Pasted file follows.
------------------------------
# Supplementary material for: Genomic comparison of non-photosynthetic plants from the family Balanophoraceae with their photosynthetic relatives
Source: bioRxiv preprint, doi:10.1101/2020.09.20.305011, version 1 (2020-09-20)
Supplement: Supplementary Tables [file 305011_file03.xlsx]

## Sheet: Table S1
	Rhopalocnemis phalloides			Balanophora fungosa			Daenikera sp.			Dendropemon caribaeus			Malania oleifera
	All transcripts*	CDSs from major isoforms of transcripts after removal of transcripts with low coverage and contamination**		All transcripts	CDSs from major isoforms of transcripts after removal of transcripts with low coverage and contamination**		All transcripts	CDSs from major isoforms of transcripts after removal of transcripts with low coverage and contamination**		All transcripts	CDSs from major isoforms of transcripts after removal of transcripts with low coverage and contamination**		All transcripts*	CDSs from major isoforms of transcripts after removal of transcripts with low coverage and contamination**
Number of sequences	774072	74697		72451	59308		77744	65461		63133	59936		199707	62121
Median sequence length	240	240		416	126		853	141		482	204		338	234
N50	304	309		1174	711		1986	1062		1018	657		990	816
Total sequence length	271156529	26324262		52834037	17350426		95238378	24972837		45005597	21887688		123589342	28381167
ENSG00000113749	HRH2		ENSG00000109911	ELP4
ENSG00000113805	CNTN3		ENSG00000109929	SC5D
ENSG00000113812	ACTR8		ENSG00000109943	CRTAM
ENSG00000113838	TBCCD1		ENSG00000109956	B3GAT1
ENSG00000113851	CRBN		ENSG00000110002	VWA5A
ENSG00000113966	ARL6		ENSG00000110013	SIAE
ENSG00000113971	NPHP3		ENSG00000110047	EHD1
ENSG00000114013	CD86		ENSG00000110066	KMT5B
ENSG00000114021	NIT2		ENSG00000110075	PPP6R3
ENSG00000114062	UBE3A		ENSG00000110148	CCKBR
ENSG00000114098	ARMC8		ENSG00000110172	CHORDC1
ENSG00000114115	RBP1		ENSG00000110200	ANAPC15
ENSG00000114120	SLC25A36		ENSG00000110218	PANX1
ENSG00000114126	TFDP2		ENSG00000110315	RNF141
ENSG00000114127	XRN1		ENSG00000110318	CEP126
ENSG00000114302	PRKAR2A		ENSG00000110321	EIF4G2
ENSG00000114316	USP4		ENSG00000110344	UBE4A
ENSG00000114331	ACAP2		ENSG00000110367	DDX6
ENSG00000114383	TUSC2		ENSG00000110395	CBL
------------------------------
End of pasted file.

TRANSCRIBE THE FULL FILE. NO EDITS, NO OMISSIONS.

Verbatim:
# Supplementary material for: Genomic comparison of non-photosynthetic plants from the family Balanophoraceae with their photosynthetic relatives
Source: bioRxiv preprint, doi:10.1101/2020.09.20.305011, version 1 (2020-09-20)
Supplement: Supplementary Tables [file 305011_file03.xlsx]

## Sheet: Table S1
	Rhopalocnemis phalloides			Balanophora fungosa			Daenikera sp.			Dendropemon caribaeus			Malania oleifera
	All transcripts*	CDSs from major isoforms of transcripts after removal of transcripts with low coverage and contamination**		All transcripts	CDSs from major isoforms of transcripts after removal of transcripts with low coverage and contamination**		All transcripts	CDSs from major isoforms of transcripts after removal of transcripts with low coverage and contamination**		All transcripts	CDSs from major isoforms of transcripts after removal of transcripts with low coverage and contamination**		All transcripts*	CDSs from major isoforms of transcripts after removal of transcripts with low coverage and contamination**
Number of sequences	774072	74697		72451	59308		77744	65461		63133	59936		199707	62121
Median sequence length	240	240		416	126		853	141		482	204		338	234
N50	304	309		1174	711		1986	1062		1018	657		990	816
Total sequence length	271156529	26324262		52834037	17350426		95238378	24972837		45005597	21887688		123589342	28381167
ENSG00000113749	HRH2		ENSG00000109911	ELP4
ENSG00000113805	CNTN3		ENSG00000109929	SC5D
ENSG00000113812	ACTR8		ENSG00000109943	CRTAM
ENSG00000113838	TBCCD1		ENSG00000109956	B3GAT1
ENSG00000113851	CRBN		ENSG00000110002	VWA5A
ENSG00000113966	ARL6		ENSG00000110013	SIAE
ENSG00000113971	NPHP3		ENSG00000110047	EHD1
ENSG00000114013	CD86		ENSG00000110066	KMT5B
ENSG00000114021	NIT2		ENSG00000110075	PPP6R3
ENSG00000114062	UBE3A		ENSG00000110148	CCKBR
ENSG00000114098	ARMC8		ENSG00000110172	CHORDC1
ENSG00000114115	RBP1		ENSG00000110200	ANAPC15
ENSG00000114120	SLC25A36		ENSG00000110218	PANX1
ENSG00000114126	TFDP2		ENSG00000110315	RNF141
ENSG00000114127	XRN1		ENSG00000110318	CEP126
ENSG00000114302	PRKAR2A		ENSG00000110321	EIF4G2
ENSG00000114316	USP4		ENSG00000110344	UBE4A
ENSG00000114331	ACAP2		ENSG00000110367	DDX6
ENSG00000114383	TUSC2		ENSG00000110395	CBL